Maintaining 'great expectations'

June 29, 1995

As a certain radio talk-show host in town could attest, merely mentioning the name of Baltimore County School Superintendent Stuart D. Berger is enough to produce a lively discussion.

It has been this way since the brash and outspoken school chief arrived in Towson three years ago and began implementing long overdue reforms of the county school system.

Lately, Dr. Berger's job security is a hot topic of talk among county residents. The speculation can only increase with the news that the local school board is in an unusual hurry to complete its annual evaluation of the superintendent, who has one year left on the four-year contract he signed in 1992.

As the board members prepare their analysis of Dr. Berger's performance, they certainly can't fault him for ignoring the mission he was hired to carry out. Using the vision statement drafted several years ago by the board and the community, the superintendent has given Baltimore County a school system much more attuned to the changing needs of a suburban jurisdiction that increasingly resembles the city it envelops.

Many of the so-called "reforms" introduced by Dr. Berger -- such as magnet schools, inclusion for special education students, all-day kindergarten and school breakfasts -- have long been standard programs in public systems throughout the United States. In conservative Baltimore County, though, some residents regard them as beachheads established by an advancing enemy.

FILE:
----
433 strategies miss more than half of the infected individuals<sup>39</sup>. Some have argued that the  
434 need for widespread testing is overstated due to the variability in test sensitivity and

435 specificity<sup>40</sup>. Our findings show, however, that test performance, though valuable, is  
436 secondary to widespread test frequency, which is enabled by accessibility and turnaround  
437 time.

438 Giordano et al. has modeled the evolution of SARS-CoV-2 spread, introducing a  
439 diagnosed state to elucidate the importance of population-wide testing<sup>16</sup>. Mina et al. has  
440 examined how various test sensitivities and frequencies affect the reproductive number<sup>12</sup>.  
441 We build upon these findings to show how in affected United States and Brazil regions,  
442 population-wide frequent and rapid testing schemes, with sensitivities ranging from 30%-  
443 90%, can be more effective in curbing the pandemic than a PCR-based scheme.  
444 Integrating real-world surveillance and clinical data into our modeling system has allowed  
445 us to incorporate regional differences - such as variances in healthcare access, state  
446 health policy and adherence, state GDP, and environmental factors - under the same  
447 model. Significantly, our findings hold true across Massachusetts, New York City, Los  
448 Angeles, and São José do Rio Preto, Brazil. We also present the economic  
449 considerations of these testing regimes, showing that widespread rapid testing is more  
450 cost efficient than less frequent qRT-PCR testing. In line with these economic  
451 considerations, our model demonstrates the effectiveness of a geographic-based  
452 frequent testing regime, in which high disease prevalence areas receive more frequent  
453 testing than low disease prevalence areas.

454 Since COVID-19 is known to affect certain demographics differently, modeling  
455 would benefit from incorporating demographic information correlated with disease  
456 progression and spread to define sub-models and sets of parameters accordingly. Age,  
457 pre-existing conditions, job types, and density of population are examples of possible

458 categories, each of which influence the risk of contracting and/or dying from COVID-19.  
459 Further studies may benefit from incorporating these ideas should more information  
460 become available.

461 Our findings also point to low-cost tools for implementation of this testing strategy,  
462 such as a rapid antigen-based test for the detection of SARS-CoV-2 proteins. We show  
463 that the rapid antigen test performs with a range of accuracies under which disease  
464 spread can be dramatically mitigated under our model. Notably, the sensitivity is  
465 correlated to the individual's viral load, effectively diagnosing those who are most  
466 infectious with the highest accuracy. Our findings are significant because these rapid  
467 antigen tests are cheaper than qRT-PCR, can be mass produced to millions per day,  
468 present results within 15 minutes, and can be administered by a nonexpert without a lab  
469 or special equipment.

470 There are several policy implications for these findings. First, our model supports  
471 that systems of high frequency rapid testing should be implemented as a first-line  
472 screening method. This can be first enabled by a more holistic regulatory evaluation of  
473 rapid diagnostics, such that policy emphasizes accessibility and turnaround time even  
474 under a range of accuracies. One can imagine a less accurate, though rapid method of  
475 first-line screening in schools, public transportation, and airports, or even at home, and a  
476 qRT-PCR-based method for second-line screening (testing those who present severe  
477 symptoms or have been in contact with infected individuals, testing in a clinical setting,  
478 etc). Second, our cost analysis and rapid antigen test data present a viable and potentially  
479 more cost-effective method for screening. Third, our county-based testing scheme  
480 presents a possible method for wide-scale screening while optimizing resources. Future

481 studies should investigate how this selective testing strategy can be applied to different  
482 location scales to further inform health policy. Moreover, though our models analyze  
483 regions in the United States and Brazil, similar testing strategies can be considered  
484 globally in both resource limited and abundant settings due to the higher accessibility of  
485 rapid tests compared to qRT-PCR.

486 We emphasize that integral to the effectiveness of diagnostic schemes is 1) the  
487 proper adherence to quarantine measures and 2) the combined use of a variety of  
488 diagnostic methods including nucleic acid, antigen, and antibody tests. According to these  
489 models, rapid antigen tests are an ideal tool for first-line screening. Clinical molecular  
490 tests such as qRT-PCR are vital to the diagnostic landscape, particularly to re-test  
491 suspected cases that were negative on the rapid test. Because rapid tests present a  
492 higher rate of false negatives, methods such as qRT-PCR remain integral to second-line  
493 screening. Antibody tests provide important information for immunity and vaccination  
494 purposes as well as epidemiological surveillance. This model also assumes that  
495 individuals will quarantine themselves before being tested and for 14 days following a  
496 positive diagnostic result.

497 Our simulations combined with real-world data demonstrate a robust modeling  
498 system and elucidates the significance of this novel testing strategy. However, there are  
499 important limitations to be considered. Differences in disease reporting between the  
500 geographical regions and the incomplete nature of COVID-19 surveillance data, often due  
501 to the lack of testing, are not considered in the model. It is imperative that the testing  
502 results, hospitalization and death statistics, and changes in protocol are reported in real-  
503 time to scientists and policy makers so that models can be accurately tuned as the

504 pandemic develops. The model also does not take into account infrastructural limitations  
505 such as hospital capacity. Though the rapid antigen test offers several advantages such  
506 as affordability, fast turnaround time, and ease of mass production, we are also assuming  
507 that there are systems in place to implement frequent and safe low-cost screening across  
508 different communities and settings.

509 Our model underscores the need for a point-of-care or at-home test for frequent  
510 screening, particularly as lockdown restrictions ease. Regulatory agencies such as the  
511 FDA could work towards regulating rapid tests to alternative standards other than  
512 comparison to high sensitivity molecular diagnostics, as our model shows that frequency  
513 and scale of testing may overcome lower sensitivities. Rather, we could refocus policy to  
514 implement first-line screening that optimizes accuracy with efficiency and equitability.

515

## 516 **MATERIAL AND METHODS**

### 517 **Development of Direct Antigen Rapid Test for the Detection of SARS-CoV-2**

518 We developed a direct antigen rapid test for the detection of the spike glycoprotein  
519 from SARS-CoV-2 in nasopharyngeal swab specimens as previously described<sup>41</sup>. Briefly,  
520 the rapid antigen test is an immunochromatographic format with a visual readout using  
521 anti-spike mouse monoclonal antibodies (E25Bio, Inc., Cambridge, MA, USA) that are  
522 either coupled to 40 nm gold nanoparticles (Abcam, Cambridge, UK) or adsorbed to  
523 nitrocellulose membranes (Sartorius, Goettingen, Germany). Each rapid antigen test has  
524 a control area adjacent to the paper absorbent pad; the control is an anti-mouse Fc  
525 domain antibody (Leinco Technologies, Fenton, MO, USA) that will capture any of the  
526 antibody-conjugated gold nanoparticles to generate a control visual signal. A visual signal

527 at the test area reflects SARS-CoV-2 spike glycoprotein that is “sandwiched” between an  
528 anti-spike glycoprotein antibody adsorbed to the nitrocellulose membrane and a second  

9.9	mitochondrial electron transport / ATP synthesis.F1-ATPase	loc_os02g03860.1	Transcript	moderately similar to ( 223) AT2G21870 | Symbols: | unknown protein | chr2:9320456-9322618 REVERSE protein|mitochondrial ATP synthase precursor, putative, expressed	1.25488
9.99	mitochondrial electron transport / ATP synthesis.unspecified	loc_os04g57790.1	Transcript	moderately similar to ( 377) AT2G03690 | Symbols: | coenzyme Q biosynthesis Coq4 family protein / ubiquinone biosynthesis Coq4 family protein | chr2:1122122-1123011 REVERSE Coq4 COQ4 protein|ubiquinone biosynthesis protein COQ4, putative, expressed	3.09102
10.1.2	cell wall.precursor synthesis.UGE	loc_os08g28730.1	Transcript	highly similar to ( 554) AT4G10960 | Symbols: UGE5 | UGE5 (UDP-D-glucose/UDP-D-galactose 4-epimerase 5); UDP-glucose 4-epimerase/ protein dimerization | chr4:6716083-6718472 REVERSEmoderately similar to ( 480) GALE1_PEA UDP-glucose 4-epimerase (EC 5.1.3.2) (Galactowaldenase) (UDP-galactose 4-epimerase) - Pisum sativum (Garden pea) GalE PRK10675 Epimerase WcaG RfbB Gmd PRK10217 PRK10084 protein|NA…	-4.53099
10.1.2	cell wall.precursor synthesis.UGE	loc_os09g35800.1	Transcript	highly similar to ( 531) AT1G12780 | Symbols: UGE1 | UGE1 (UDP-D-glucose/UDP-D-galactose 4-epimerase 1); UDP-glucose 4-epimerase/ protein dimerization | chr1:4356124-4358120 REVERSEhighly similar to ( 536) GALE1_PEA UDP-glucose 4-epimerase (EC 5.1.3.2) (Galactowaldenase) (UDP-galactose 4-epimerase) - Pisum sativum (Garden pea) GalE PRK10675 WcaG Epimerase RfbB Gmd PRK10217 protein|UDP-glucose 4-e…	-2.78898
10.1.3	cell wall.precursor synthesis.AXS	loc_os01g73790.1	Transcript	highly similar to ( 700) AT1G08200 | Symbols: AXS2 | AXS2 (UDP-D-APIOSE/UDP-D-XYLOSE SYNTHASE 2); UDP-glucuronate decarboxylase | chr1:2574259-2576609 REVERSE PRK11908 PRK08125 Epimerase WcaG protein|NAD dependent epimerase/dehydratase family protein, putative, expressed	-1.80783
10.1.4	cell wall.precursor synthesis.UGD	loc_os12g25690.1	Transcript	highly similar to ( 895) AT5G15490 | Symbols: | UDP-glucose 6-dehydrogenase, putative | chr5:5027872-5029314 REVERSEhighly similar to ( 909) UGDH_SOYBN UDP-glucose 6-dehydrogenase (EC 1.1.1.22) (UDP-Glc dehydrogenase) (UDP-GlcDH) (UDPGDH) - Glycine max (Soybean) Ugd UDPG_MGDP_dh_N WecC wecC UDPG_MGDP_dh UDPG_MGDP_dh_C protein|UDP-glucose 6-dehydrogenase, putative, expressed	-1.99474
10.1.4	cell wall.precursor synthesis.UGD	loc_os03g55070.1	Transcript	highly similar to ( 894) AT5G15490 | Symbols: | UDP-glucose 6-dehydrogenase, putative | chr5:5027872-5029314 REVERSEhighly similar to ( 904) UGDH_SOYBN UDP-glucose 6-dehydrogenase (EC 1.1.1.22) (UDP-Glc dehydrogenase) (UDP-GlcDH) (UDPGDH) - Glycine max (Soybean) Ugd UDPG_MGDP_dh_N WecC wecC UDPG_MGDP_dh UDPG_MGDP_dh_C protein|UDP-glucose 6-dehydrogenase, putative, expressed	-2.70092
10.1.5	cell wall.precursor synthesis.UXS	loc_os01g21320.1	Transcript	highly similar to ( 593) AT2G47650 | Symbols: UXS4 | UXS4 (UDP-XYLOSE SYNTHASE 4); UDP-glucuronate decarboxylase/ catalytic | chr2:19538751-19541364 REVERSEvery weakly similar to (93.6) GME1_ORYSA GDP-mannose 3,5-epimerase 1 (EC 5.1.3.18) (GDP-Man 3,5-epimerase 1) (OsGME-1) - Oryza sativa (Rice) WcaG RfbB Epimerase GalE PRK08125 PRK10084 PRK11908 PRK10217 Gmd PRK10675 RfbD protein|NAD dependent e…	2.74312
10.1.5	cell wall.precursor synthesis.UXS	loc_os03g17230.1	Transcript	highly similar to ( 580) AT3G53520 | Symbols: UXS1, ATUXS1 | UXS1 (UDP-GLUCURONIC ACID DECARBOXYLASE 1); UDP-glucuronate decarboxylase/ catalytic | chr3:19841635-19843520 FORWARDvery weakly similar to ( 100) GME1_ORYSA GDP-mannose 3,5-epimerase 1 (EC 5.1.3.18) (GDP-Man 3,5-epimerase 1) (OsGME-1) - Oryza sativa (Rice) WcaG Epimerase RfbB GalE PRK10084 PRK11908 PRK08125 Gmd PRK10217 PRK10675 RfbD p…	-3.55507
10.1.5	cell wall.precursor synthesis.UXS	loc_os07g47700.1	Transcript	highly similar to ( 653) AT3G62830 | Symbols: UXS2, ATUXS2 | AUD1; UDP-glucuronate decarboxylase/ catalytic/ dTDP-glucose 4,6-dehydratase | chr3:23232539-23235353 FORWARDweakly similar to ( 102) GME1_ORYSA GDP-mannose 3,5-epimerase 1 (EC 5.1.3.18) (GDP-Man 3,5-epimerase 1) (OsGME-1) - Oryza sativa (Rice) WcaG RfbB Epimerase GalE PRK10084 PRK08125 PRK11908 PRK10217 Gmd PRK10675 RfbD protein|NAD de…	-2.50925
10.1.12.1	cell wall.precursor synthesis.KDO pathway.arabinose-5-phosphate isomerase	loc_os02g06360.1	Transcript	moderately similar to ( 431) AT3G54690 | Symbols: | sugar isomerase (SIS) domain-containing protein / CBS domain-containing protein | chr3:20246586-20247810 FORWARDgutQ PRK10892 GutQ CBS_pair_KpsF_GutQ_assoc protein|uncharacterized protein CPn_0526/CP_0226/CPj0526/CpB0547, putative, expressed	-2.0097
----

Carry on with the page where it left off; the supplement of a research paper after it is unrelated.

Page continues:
Indeed, the newness of the innovations would have been sufficient to earn detractors for any superintendent armed with such an agenda. But this superintendent has opened himself to particularly heated criticism with a damn-the-torpedoes style devoid of the niceties of public relations.

The resultant anger has been focused on Dr. Berger, and now he is more known by the public than a school superintendent should be. Even his supporters have reluctantly begun to worry aloud that education issues in the county won't receive the appropriate attention so long as the primary issue remains Stuart Berger.

July 1 is the official deadline for the school board's evaluation of the superintendent. The board's haste to finish a task that is often put off until late summer or early autumn would seem to indicate that Dr. Berger's job status will soon be resolved, one way or another. Whatever their final decision, the board members must maintain the forward-looking vision that spoke of "great expectations" for the schools.

There can no going back to the system as it existed before the Berger era.

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